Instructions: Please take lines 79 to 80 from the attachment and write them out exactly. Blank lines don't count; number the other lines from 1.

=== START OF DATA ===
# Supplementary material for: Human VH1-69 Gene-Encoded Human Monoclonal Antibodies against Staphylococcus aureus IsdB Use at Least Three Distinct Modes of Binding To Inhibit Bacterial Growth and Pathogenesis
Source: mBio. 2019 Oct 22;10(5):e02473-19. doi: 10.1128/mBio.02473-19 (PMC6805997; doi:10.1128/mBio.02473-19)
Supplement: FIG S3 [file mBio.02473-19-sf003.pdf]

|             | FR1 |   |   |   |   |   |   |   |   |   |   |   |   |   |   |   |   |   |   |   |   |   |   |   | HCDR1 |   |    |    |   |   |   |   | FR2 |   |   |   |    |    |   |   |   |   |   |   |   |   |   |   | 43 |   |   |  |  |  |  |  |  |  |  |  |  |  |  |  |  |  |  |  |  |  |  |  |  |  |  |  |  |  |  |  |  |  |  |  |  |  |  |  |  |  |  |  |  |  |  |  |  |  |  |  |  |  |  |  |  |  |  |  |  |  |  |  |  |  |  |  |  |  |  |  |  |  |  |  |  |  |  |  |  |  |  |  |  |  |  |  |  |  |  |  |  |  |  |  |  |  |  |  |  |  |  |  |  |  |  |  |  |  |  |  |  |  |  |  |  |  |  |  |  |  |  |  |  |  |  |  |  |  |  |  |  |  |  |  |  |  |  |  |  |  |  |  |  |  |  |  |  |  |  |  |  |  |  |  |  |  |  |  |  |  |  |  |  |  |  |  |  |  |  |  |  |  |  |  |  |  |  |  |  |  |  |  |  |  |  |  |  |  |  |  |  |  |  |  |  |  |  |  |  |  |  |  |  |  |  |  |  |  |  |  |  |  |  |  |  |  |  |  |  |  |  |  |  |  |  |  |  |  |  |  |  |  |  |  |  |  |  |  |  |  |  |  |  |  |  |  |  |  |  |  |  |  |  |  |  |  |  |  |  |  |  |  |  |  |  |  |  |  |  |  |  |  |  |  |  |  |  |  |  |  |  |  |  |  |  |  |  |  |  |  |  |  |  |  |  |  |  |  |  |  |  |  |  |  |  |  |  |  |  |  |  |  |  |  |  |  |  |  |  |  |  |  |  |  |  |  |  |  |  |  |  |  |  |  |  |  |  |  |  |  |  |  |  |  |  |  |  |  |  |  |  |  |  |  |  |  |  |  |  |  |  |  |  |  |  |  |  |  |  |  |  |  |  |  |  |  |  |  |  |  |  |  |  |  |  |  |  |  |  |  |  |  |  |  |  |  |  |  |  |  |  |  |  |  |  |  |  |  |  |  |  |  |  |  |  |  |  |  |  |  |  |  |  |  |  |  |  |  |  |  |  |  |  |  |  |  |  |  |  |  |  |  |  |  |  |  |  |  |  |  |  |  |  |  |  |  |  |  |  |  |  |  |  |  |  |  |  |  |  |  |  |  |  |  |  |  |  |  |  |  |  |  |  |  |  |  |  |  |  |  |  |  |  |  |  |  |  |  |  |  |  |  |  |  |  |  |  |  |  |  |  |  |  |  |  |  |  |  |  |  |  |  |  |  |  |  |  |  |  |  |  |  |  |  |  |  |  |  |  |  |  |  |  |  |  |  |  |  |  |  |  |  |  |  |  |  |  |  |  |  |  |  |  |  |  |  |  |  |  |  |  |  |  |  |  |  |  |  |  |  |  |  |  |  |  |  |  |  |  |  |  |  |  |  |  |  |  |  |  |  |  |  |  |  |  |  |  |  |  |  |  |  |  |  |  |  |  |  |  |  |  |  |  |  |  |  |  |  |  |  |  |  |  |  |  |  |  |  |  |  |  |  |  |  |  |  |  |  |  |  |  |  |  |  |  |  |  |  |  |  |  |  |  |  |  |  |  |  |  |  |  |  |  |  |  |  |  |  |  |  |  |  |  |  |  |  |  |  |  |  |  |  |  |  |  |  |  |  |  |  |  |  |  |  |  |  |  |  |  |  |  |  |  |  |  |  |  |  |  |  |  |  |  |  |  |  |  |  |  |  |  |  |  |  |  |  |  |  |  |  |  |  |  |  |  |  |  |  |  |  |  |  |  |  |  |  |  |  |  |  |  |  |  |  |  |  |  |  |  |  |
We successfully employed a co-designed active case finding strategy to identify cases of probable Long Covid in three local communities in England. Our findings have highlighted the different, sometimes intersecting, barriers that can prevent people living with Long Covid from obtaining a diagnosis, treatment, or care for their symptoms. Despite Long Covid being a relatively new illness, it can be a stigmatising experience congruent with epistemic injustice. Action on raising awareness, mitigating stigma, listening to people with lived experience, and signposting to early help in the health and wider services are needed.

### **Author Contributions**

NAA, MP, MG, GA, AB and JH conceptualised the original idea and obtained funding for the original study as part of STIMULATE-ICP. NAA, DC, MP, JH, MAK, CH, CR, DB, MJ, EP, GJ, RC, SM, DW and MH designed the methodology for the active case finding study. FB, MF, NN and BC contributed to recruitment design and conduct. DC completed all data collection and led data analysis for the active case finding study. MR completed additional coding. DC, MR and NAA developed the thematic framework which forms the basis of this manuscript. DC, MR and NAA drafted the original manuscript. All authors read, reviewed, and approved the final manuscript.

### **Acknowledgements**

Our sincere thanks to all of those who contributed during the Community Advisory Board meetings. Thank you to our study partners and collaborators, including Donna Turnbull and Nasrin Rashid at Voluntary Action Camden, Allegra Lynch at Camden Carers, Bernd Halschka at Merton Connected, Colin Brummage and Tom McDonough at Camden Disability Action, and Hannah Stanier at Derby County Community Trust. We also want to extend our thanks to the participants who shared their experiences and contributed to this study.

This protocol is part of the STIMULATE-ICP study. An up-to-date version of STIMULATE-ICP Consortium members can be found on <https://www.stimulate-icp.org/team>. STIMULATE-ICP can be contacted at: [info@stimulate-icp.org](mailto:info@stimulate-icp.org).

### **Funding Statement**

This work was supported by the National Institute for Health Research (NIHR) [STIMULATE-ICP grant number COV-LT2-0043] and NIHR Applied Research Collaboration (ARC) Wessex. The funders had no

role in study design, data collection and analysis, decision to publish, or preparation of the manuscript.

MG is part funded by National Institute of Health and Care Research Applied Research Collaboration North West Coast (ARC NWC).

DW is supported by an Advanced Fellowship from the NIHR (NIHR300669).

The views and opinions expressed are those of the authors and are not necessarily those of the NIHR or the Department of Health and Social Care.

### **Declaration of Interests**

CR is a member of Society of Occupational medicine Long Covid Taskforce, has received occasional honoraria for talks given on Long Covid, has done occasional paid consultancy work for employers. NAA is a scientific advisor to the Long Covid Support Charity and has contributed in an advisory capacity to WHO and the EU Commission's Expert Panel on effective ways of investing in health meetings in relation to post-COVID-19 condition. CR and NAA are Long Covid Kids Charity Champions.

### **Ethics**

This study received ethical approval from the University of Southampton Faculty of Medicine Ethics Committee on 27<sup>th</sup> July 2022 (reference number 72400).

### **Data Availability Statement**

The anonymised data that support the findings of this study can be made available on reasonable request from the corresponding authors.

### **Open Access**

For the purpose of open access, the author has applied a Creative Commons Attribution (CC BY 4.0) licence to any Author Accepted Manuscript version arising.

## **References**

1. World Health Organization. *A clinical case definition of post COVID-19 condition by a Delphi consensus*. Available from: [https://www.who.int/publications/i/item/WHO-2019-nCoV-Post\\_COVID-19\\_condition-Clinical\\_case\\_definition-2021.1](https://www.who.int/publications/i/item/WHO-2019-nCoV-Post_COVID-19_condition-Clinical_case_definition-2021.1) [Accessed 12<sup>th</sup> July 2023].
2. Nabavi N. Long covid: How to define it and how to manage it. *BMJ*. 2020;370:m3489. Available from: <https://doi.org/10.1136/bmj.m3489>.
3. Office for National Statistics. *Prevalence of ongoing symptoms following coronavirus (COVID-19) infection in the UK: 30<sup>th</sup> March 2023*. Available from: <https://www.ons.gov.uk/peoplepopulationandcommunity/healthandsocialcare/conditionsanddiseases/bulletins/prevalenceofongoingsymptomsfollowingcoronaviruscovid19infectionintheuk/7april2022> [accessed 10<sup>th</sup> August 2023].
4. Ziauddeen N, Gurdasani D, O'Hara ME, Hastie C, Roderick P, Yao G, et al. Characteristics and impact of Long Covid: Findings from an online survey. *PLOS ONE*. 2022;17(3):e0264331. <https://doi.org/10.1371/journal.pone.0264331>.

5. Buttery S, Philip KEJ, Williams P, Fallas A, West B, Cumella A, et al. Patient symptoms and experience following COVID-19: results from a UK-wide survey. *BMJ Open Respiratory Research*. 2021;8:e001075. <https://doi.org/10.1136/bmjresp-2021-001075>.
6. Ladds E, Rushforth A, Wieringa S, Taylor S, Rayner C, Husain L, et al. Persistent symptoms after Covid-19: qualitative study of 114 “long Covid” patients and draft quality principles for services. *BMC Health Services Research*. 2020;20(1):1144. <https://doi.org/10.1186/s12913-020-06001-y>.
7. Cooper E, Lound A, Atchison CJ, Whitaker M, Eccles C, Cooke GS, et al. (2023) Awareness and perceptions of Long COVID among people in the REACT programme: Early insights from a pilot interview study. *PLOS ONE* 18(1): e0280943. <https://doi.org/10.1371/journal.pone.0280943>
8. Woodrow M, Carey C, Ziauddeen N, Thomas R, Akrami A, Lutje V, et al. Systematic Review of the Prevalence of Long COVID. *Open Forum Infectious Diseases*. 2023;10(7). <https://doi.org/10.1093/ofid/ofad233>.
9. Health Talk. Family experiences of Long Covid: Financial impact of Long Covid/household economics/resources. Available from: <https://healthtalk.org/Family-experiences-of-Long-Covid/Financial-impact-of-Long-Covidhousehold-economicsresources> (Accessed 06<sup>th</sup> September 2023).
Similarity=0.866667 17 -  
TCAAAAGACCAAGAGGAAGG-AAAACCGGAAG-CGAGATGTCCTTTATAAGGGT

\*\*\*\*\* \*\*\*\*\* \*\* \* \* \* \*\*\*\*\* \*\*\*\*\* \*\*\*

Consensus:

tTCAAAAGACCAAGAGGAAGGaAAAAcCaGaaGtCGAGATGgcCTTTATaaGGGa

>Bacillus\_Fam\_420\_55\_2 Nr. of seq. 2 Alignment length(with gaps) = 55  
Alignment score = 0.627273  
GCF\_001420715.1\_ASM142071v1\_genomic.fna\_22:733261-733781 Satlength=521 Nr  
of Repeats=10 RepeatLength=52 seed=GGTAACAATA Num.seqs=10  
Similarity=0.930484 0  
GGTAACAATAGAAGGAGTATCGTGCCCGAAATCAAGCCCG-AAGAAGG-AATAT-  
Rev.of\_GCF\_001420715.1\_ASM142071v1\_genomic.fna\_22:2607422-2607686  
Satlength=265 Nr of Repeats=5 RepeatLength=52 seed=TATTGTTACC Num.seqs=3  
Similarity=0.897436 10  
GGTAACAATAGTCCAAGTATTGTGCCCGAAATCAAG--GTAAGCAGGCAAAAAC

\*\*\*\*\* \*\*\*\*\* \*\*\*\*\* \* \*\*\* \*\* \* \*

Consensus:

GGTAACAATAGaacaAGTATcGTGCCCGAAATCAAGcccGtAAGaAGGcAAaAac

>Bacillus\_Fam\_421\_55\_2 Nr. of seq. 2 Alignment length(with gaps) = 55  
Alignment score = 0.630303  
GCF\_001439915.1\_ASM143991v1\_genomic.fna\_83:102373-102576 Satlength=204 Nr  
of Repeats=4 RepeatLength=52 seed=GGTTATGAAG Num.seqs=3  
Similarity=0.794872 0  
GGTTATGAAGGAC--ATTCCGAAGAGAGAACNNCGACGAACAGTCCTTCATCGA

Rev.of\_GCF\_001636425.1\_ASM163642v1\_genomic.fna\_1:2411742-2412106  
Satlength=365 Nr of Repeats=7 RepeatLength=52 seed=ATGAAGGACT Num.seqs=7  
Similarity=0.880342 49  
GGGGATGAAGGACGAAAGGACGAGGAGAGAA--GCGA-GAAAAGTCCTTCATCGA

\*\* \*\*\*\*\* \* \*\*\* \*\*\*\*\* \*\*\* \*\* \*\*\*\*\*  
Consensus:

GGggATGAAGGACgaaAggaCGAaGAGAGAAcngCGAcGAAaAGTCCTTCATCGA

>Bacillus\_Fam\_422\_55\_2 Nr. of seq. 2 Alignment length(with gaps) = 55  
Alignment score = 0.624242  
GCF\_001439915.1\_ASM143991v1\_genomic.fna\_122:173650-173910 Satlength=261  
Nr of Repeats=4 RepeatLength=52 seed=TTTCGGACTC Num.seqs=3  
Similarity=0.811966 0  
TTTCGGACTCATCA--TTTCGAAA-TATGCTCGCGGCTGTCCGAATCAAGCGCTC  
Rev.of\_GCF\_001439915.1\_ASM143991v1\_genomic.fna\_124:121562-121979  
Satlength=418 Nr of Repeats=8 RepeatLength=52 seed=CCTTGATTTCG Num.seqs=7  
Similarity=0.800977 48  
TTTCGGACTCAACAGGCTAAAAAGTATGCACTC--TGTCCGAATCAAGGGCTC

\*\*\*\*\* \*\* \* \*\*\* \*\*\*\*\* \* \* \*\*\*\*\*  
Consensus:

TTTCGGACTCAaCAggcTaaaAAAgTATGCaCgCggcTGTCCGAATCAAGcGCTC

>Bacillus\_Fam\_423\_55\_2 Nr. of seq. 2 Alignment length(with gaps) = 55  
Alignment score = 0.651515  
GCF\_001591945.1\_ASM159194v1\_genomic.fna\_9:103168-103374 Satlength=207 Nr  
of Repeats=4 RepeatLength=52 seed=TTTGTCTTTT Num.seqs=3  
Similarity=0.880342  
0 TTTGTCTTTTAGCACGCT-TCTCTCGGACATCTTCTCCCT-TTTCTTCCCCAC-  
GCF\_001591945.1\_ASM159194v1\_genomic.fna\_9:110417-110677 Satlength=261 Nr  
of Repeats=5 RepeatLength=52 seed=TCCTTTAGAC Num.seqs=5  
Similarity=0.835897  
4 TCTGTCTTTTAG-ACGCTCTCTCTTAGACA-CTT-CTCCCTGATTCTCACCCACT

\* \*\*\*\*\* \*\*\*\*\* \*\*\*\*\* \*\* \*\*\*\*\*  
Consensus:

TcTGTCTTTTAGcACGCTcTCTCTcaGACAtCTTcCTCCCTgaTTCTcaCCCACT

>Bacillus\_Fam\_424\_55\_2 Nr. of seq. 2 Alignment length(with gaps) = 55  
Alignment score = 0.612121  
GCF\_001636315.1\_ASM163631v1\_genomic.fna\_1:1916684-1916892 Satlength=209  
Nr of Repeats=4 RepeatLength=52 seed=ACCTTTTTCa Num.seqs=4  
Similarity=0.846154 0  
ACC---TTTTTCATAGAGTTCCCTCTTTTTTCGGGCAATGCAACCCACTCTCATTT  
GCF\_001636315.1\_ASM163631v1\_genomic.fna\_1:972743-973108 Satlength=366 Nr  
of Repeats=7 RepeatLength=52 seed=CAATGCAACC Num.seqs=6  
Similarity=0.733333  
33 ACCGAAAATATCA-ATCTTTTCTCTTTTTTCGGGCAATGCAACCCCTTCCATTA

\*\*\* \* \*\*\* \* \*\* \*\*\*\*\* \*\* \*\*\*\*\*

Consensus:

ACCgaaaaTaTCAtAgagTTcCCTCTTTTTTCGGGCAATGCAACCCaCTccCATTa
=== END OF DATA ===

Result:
>Bacillus\_Fam\_423\_55\_2 Nr. of seq. 2 Alignment length(with gaps) = 55  
Alignment score = 0.651515  